It was an odd experience watching Richard Jones's new production of The Good Soul of Szechuan at the Young Vic last week – and not only because Jones has a well-deserved reputation for the crafting of odd theatrical experiences. That helped, of course.
The audience filed in to the auditorium to find themselves in what appeared to be a cement factory in mid-shift. Ranks of industrial lockers lined both sides of the stage, starkly lit by glaring neon, and a faint haze of dust hung in the air, stirred up by shuffling workers in overalls, heaving bags of gravel around the set. Whether you can actually alienate an audience well-schooled to know that alienation is their cultural duty is a moot point, but Jones wasn't going to fail for want of trying.
What he could hardly have predicted, though, were the unexpected echoes between what we were watching on stage and what we'd seen on TV for the last three or four days, in coverage of the real Szechuan in the aftermath of the earthquake.
In Jones's production the workers, uniformly overalled and masked against the dust, have been reduced to zombified shells by (one assumes) the grinding exploitations of capitalism. In the news coverage figures uncannily similar to Jones's proletariat victims (they even wore the same pinky-orange boiler suits) sat slumped and despairing because their selflessness had not been proportionately rewarded. And the sharp contrast between these two images of ordinary people couldn't help but underline an anxiety about Brecht's vision of the world, which only increased as the play went on.
One of the things that startled me – having rather taken it on trust that Brecht was a figure of searching moral and social enquiry when I read him as an undergraduate – was just how bleakly cynical his view of human nature is. His play tells the story of three Gods who descend to earth to find one righteous soul. When they encounter a good-hearted prostitute, Shen Te, they believe they have succeeded and reward her with a lump-sum payment. But this makes her the envy of all her neighbours and inexorably drives her into the position of oppressor within a society deformed (one assumes again) by the brutal realities of capitalism.
Only by pretending to be her ruthless male cousin Shui Ta can she fend off the opportunists and scoundrels that surround her – and, incidentally, preserve enough cash for small acts of charity. I was reminded of the Gospel According to Margaret Thatcher, which held that the Good Samaritan was only empowered to help out because he'd first done rather well in Samaria's business-friendly legislative culture.
The main point, though, is that virtually everybody in the play is loathsome; self-interested, grasping, dishonest and corrupt. And in the light of what was happening in Szechuan that seemed less like an unblinking perspective on the cruel realities of an unjust world than a libel on humanity. Non-theatrical China was giving the lie to Brecht's version – proving that people who had lost absolutely everything could still afford to care about others.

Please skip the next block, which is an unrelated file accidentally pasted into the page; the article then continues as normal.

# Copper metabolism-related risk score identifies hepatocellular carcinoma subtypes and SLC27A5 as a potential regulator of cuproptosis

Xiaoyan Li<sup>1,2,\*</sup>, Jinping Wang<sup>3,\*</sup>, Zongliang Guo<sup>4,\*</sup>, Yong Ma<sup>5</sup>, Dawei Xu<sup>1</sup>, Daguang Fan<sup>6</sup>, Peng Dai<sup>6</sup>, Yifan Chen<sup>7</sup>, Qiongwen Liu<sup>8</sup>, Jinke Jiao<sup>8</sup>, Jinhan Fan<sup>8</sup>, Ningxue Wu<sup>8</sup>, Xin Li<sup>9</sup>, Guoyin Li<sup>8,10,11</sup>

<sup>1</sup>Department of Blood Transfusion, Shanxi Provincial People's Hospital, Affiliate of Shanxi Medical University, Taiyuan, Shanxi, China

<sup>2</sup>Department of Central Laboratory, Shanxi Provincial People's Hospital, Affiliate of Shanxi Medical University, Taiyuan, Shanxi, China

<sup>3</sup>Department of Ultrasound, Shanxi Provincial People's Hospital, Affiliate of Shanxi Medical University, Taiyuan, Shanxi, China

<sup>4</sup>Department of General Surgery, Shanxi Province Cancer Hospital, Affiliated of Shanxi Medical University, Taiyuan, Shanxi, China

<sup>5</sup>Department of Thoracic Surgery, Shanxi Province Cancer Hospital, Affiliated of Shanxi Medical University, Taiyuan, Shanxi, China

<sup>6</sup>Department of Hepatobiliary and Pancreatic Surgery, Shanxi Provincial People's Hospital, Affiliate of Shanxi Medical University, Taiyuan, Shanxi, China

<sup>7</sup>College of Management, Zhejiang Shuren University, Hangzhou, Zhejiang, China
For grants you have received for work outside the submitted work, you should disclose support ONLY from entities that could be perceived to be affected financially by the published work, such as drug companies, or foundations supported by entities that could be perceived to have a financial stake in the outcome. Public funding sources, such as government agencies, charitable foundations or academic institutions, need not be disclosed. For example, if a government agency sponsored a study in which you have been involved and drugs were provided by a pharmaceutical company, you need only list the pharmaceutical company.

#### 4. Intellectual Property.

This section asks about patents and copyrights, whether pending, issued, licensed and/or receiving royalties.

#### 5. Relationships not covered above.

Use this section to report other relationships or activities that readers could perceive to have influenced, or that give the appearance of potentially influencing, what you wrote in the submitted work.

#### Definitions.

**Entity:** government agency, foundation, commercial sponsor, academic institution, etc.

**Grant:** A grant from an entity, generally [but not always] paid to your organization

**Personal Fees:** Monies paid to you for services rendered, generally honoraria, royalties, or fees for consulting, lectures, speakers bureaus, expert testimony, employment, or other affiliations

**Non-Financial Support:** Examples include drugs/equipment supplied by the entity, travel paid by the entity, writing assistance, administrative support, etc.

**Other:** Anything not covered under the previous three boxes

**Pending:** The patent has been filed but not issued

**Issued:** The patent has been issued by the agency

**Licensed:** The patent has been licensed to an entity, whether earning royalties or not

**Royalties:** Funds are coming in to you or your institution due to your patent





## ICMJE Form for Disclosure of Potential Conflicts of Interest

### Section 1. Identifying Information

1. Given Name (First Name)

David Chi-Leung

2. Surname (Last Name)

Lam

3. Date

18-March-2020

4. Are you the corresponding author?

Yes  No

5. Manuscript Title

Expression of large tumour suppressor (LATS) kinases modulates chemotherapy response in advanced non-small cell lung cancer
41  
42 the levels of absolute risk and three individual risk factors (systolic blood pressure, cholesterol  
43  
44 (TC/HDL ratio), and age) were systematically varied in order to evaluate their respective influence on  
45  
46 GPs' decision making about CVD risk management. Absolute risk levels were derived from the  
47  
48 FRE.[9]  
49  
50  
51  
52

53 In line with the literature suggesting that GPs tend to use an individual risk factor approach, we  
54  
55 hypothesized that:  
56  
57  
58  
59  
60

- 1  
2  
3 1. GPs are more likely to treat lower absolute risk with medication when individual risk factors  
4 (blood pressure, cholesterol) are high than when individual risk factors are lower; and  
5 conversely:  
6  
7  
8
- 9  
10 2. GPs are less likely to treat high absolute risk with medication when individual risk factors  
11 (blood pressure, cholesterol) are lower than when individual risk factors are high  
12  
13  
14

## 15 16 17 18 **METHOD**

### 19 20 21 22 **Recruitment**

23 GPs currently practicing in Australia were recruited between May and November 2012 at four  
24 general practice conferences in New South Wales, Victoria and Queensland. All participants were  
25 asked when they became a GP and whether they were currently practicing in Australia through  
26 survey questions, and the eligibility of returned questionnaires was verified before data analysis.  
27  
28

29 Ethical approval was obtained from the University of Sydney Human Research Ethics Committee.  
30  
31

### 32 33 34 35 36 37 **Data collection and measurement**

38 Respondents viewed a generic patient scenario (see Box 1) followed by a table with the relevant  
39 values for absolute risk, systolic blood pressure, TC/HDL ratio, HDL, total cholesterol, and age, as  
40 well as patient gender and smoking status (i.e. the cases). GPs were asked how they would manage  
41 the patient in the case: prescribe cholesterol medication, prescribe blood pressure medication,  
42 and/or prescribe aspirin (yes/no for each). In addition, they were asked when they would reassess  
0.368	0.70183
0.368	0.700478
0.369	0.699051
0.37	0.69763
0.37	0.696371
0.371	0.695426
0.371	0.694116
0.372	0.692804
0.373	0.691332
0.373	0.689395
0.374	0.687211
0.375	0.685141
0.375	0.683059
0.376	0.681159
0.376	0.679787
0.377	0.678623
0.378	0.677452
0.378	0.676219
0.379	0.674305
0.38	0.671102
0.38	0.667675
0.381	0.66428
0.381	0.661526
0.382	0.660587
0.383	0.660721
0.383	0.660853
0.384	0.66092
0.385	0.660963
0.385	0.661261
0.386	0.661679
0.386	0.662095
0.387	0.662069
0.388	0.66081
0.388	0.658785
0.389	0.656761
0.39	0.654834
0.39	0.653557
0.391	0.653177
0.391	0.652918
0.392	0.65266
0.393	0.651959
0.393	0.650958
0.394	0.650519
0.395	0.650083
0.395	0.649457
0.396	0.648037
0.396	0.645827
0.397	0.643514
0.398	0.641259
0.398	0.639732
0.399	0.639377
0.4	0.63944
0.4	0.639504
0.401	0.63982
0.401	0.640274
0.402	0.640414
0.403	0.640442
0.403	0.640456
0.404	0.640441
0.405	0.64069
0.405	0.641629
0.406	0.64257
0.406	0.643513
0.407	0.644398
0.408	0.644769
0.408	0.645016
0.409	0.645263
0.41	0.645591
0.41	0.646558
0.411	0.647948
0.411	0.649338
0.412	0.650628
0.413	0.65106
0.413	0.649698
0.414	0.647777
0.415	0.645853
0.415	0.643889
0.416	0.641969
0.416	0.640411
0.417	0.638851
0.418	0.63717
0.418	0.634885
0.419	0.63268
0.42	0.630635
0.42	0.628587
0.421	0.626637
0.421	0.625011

More pointedly still, the very ideological system that Brecht proposed to release mankind's finer feelings from the shackles of economic necessity had resulted in unchecked corruption and murderously shoddy construction standards. There's a lot right about the production, and Jane Horrocks gives a winning performance as Shen Te, but when it comes to Brecht virtually everything is wrong.
I can't put this together
It's intriguing to learn that Ikea is to begin selling virtual furniture for Sims, confident that there are people out there happy to pay for sofas you can only sit on in cyberspace. But if realism is the goal it seems odd that the most salient real-world feature of much Ikea furniture – the mental agony of constructing it – should be left out of the simulation. After all, they have dirty dishes and dog mess in the Sims. Instead of click-and-dragging a perfect Leksvik coffee table or a Vika Hyttan desk into place you should get a pile of components and a PDF file of one of those wordless instruction leaflets. Since Sims already communicate in what looks like comic book swearing they won't need any new software for what generally happens next.
* Having lead the way in getting rid of "dumb" cluster bombs, the UK government is now dragging its heels in an attempt to retain the "smart" version – in which individual bomblets notionally self-destruct to avoid civilian casualties (though everyone knows they won't all be so obliging). "It is not likely to pose an unacceptable post-conflict humanitarian risk," the Government said of one of the weapons it hopes to hold on to. The next time he's in front of a microphone it would be very interesting to hear Des Browne, the Defence Secretary, explain what his definition of an acceptable post-conflict humanitarian risk is. There presumably must be one, since even the MoD doesn't attempt to argue that these weapons are 100 per cent reliable. In blunter terms, how many mutilated children, Mr Browne, mark the tipping point between a "smart" policy and an indefensibly "dumb" one?